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In the US, new figures from the National Automated Clearing House Association (NACHA) show historic changes in consumer behaviour as tracked in the back-end systems that keep retail banking humming. For the final quarter of last year, compared to the same period the year before, NACHA saw P2P payments grow by 44 percent to reach 62 million transactions, while the volume of cheque payments, the paper-based form of P2P that Americans have clung to longer than elsewhere for its simplicity and ease of use, fell by 23 percent. Direct Deposit, primarily used for salary transfers, social security and unemployment assistance, increased by just over 11 percent, while internet-initiated ACH payments by consumers grew by 15.2 percent. (All comparisons are year-over-year for the quarter.) Looking back over tables from the Fed shows the figures on cheques being sent by Americans: twenty years ago, with a smaller population, over twelve billion were being written every year; for 2020, the trend is now less than a billion a quarter.
Following in the footsteps of rival Goldman Sachs, JPMorgan Chase has announced that it will be opening a branchless banking business in the United Kingdom later this year, headquartered in London and operationally rooted in a contact centre in Edinburgh. Already 400 members of staff have been hired with "personalised service around the clock" promised. In time, credit cards as well as loans for vehicles and mortgages should be added to the offering. Challengers in the British market have found the going tougher than they, or regulatory supporters, expected, with the Big Five incumbents holding on to some 86 percent of the current accounts held and proving difficult to dislodge, even as many millions of Britons grow accustomed to using banking apps. However the Wall Street giants certainly have deeper pockets than the likes of high-profile digital banks in the country such as Monzo or Starling, neither of which even existed eight years ago. By contrast, JPMorgan has been operating in the City of London for over a century and a half.
In Britain, Mastercard has informed merchants that purchases on credit cards from countries in the European Union, of which the UK is now no longer a member, will be subject to a new interchange rate of 1.5 percent per transaction from the middle of October, a rise from the 0.3 percent rate they had enjoyed when their country was part of the trading bloc. In the case of debit cards, the fee will rise from 0.2 to 1.15 percent on the same date. The new policy will affect travel-related sectors in particular, with lawmakers under pressure from trade bodies to introduce caps that keep interchange within limits akin to those imposed by Brussels. Interestingly, the network refers to the rates used in European Economic Area countries such as Iceland to explain its logic: even with the Brexit project now accomplished, global companies seem likely to define Britain in terms of Europe.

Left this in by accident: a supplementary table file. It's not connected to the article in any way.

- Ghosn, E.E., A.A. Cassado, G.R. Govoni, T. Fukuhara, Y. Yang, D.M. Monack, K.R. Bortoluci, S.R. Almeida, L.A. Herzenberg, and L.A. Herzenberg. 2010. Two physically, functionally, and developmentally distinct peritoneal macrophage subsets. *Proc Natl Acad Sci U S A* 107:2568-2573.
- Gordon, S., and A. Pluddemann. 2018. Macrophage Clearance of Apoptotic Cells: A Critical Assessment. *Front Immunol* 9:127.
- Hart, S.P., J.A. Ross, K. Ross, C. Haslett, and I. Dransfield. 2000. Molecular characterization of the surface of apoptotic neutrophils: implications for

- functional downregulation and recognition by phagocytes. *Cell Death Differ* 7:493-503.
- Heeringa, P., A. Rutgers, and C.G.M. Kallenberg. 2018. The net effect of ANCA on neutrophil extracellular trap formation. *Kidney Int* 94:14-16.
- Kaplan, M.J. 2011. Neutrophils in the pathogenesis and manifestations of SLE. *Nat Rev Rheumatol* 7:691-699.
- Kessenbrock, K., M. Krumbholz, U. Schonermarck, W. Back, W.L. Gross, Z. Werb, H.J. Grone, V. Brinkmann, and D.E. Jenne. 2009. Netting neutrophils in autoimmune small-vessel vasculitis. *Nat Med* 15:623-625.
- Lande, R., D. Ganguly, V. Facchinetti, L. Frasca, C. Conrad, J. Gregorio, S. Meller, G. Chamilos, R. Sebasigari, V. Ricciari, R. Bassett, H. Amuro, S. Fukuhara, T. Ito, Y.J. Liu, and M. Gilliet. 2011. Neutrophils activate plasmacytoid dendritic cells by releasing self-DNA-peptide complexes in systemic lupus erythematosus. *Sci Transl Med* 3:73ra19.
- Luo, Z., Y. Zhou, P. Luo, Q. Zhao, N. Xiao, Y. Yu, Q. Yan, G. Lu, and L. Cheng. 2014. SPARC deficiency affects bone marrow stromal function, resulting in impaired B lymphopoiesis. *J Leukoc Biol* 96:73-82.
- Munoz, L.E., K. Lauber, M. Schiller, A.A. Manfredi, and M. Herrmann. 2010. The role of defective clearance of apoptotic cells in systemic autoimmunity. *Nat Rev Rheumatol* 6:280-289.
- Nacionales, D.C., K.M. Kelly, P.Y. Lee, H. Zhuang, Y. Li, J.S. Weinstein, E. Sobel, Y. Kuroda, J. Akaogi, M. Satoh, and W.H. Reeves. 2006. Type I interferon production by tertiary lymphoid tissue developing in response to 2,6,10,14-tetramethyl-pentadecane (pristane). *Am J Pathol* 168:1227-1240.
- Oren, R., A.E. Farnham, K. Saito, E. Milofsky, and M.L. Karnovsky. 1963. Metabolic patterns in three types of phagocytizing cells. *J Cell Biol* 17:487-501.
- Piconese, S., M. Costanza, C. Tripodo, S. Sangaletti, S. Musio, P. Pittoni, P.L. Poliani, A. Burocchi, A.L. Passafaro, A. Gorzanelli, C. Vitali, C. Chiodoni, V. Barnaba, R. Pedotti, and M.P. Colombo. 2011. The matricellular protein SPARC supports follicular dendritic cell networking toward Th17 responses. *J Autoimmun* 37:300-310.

For their part, consumers in the European Union who have been purchasing from British retailers such as Amazon UK have been finding the accumulation of new charges (such as tariffs, customs and extra VAT from their own governments) so expensive that they are looking for alternatives: eg, Amazon Germany for Irish consumers. This response is mirrored by logistics companies that are now bypassing Great Britain when it comes to transporting goods between Continental Europe and the Republic of Ireland, which is not part of the UK: ferry companies have opened up new routes to meet the demand. Domestic e-commerce suppliers in the republic have already been boosted by a series of lockdowns that has stopped most high-street retailing activity; now they seem set to benefit too from consumers who want the listed price to reflect the actual cost of purchase. "Although the long-term economic effects of Brexit are still up for debate, small and medium-sized businesses, not to mention the average consumer, are definitely going to lose out in the short term", commented Lorna Baek of Argus Advisory Research. "While online retail grew in 2020, the fragmenting e-commerce landscape in this part of Western Europe mean that the UK may not end up with as large a piece of the pie as it had once expected."
To end, links to some other stories of interest this week...
China: Central bank says time 'ripe' to scrap credit card interest rate limits
Global: How pandemic turbocharged the QR revolution
Global: Venture capital floods into banking-as-a-service
UK: ATM withdrawal value last year down by 30 percent over 2019
The Weekly News Digest from Argus Advisory Research highlights significant developments in payment cards, digital payments, acquiring, processing, retail banking and consumer credit. Our writers and researchers frame these items in contexts such as historical, sectoral and regional trends, adding a layer of value often missing from the rolling news cycle.
About Argus Advisory Research The market-leading online, interactive database and data dashboards covering the global cards and payments industry in detail, plus a range of data-packed country and regional reports. Leveraging financial cards data going back to 2010 – and forecasts up to 2025 – our unique datasets cover countries around the world and feature more than 250 metrics per market.